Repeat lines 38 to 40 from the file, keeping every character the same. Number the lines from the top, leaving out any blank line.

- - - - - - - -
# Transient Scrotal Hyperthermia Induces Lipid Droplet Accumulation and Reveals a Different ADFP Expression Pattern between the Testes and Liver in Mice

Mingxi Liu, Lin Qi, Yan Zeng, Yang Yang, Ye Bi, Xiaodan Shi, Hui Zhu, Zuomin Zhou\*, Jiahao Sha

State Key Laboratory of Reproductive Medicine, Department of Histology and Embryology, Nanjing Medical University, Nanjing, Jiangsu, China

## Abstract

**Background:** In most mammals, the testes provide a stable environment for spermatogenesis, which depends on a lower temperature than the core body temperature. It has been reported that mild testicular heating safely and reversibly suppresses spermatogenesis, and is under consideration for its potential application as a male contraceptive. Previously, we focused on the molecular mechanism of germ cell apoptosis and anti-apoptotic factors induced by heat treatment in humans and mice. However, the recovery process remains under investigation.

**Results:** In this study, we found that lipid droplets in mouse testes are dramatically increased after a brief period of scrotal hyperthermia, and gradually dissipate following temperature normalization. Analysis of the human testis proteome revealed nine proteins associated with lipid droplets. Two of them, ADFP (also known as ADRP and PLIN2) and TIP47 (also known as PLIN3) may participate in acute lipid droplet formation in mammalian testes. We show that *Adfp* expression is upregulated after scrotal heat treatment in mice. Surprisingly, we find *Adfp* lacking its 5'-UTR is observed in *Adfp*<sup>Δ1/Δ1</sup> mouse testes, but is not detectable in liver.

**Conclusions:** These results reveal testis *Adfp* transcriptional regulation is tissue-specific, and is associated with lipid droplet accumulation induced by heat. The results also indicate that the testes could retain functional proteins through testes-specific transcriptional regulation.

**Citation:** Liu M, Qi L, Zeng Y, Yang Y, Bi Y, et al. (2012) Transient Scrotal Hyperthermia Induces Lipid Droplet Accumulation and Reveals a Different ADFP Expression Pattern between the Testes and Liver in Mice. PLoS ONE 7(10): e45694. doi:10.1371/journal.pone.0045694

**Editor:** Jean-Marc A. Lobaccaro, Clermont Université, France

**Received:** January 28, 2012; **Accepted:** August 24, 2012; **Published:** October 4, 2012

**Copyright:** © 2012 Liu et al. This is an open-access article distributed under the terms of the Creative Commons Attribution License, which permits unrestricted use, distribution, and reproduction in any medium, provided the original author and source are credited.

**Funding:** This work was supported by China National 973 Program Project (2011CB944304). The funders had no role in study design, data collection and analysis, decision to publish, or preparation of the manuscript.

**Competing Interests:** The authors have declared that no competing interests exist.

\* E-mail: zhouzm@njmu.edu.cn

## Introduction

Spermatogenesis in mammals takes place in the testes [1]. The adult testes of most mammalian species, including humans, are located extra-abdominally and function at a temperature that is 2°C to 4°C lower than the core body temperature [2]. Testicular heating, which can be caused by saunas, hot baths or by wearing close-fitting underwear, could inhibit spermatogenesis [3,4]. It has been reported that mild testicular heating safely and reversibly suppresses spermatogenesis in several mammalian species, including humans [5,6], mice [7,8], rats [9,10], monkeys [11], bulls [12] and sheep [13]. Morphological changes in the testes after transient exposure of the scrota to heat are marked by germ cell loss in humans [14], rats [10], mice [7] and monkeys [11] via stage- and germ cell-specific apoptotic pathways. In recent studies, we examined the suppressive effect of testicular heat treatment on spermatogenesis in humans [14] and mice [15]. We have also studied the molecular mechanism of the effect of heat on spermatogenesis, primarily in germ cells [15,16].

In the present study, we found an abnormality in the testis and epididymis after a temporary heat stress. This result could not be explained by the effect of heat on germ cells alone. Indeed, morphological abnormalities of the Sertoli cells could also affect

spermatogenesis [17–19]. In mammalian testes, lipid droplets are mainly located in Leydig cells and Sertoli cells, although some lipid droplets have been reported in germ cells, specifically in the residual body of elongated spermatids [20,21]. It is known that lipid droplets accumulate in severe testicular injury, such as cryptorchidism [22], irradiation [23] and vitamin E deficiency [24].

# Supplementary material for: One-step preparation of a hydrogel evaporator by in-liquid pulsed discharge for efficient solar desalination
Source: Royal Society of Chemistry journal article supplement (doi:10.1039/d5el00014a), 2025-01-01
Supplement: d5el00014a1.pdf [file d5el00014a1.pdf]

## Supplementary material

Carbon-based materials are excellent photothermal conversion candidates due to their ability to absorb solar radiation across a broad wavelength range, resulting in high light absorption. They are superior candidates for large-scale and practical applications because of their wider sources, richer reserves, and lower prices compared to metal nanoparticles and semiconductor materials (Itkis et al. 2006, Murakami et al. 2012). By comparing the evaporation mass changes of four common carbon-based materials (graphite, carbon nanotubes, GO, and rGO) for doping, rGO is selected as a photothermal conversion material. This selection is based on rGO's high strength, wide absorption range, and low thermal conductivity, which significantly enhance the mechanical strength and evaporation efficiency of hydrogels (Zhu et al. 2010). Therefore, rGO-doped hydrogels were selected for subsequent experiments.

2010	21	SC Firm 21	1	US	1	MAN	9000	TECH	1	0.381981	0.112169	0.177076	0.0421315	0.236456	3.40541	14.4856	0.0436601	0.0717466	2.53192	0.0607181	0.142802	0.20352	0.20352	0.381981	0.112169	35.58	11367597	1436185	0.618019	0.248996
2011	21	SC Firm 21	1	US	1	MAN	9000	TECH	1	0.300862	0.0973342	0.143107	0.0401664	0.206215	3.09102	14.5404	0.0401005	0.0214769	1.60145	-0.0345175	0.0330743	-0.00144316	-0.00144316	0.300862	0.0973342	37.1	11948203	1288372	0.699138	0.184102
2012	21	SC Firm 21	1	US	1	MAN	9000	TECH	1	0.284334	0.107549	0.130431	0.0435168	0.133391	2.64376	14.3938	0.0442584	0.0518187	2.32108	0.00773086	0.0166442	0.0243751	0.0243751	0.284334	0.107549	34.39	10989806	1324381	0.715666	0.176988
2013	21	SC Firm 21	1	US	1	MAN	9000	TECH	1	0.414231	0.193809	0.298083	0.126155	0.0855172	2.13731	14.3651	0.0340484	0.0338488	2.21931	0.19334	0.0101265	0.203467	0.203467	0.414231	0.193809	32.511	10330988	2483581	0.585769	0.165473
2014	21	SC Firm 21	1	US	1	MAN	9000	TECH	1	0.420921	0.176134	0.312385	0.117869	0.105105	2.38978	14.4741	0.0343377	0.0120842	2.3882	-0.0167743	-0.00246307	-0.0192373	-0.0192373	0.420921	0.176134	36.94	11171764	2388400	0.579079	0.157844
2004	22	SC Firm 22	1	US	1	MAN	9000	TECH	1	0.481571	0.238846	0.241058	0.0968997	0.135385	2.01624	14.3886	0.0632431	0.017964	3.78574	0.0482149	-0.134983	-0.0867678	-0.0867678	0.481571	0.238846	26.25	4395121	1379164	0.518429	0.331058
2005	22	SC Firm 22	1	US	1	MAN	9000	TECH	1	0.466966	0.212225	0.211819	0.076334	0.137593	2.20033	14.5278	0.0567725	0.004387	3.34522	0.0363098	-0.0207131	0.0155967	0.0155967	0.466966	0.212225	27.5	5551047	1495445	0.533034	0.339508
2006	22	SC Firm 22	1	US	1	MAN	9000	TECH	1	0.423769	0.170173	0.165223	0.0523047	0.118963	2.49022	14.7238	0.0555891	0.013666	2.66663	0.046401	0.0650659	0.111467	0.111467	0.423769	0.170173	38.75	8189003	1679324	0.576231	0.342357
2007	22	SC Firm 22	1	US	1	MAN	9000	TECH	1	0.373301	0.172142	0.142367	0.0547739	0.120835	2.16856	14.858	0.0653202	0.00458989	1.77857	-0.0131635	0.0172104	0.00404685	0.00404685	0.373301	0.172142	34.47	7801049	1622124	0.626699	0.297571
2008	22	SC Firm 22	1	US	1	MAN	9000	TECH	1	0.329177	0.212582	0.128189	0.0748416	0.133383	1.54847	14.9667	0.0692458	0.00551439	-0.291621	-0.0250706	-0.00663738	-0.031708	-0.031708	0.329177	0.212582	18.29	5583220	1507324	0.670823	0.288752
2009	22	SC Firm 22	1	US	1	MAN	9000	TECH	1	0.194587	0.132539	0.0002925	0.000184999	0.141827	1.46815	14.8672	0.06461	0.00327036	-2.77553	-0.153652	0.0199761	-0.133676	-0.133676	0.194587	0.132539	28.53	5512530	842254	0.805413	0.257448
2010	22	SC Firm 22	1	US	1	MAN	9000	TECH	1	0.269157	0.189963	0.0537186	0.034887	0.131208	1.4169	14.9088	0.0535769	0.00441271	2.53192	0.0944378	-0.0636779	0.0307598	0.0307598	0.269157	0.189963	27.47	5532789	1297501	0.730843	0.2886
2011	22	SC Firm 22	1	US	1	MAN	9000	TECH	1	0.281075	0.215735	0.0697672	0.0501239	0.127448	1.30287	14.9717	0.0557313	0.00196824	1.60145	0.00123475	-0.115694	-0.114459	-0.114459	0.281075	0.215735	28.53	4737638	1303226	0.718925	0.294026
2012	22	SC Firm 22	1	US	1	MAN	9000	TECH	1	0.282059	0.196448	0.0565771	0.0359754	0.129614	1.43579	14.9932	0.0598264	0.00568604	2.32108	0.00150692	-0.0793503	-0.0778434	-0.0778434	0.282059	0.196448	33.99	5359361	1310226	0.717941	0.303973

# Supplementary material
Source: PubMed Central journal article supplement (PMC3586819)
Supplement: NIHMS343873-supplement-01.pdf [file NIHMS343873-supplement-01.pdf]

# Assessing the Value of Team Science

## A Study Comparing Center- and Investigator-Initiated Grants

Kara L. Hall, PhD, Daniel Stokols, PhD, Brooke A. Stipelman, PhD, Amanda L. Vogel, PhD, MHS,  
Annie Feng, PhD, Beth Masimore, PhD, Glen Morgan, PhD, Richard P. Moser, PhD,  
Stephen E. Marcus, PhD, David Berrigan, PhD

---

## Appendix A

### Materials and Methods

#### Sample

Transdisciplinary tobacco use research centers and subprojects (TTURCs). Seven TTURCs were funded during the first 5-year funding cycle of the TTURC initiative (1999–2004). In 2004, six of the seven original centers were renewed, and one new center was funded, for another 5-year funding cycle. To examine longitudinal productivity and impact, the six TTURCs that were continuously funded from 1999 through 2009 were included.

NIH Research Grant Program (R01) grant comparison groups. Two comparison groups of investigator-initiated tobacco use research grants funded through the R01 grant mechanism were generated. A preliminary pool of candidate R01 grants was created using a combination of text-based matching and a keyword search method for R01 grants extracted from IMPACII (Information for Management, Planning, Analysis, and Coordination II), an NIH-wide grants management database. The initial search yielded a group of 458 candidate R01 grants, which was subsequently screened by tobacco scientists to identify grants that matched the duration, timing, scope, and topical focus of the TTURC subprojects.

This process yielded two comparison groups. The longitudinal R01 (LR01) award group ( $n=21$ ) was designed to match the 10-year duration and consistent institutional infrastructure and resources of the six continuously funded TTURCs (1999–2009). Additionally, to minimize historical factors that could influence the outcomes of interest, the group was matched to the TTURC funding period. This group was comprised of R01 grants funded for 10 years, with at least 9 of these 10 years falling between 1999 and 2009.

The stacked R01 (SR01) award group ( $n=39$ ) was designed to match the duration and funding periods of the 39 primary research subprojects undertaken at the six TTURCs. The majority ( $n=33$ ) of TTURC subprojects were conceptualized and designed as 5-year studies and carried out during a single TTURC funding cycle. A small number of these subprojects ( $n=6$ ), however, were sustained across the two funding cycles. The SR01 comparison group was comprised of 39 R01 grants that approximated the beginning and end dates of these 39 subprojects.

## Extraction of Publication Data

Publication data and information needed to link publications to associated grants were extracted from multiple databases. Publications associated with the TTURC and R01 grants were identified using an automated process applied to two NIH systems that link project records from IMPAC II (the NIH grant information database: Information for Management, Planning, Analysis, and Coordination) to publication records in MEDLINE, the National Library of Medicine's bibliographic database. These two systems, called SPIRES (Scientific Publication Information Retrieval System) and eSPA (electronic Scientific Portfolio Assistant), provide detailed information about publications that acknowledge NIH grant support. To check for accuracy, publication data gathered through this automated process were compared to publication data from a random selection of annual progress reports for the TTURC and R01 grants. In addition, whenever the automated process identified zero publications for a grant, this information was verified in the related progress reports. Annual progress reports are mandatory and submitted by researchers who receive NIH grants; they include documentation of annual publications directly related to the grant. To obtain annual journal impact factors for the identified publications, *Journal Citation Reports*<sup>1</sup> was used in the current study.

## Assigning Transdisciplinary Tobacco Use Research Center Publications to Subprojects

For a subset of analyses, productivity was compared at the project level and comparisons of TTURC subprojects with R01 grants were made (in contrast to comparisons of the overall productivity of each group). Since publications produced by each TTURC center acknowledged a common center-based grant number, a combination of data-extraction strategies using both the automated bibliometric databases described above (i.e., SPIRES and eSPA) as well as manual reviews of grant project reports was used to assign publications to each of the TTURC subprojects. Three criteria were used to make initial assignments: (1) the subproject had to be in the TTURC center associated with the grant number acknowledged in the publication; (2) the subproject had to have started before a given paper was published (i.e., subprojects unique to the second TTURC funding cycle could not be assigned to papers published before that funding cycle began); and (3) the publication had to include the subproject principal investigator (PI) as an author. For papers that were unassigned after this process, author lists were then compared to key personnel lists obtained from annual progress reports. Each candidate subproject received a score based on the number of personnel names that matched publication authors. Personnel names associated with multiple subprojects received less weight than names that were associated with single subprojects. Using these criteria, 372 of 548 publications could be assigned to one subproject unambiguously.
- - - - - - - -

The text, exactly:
# Supplementary material
Source: PubMed Central journal article supplement (PMC3586819)
Supplement: NIHMS343873-supplement-01.pdf [file NIHMS343873-supplement-01.pdf]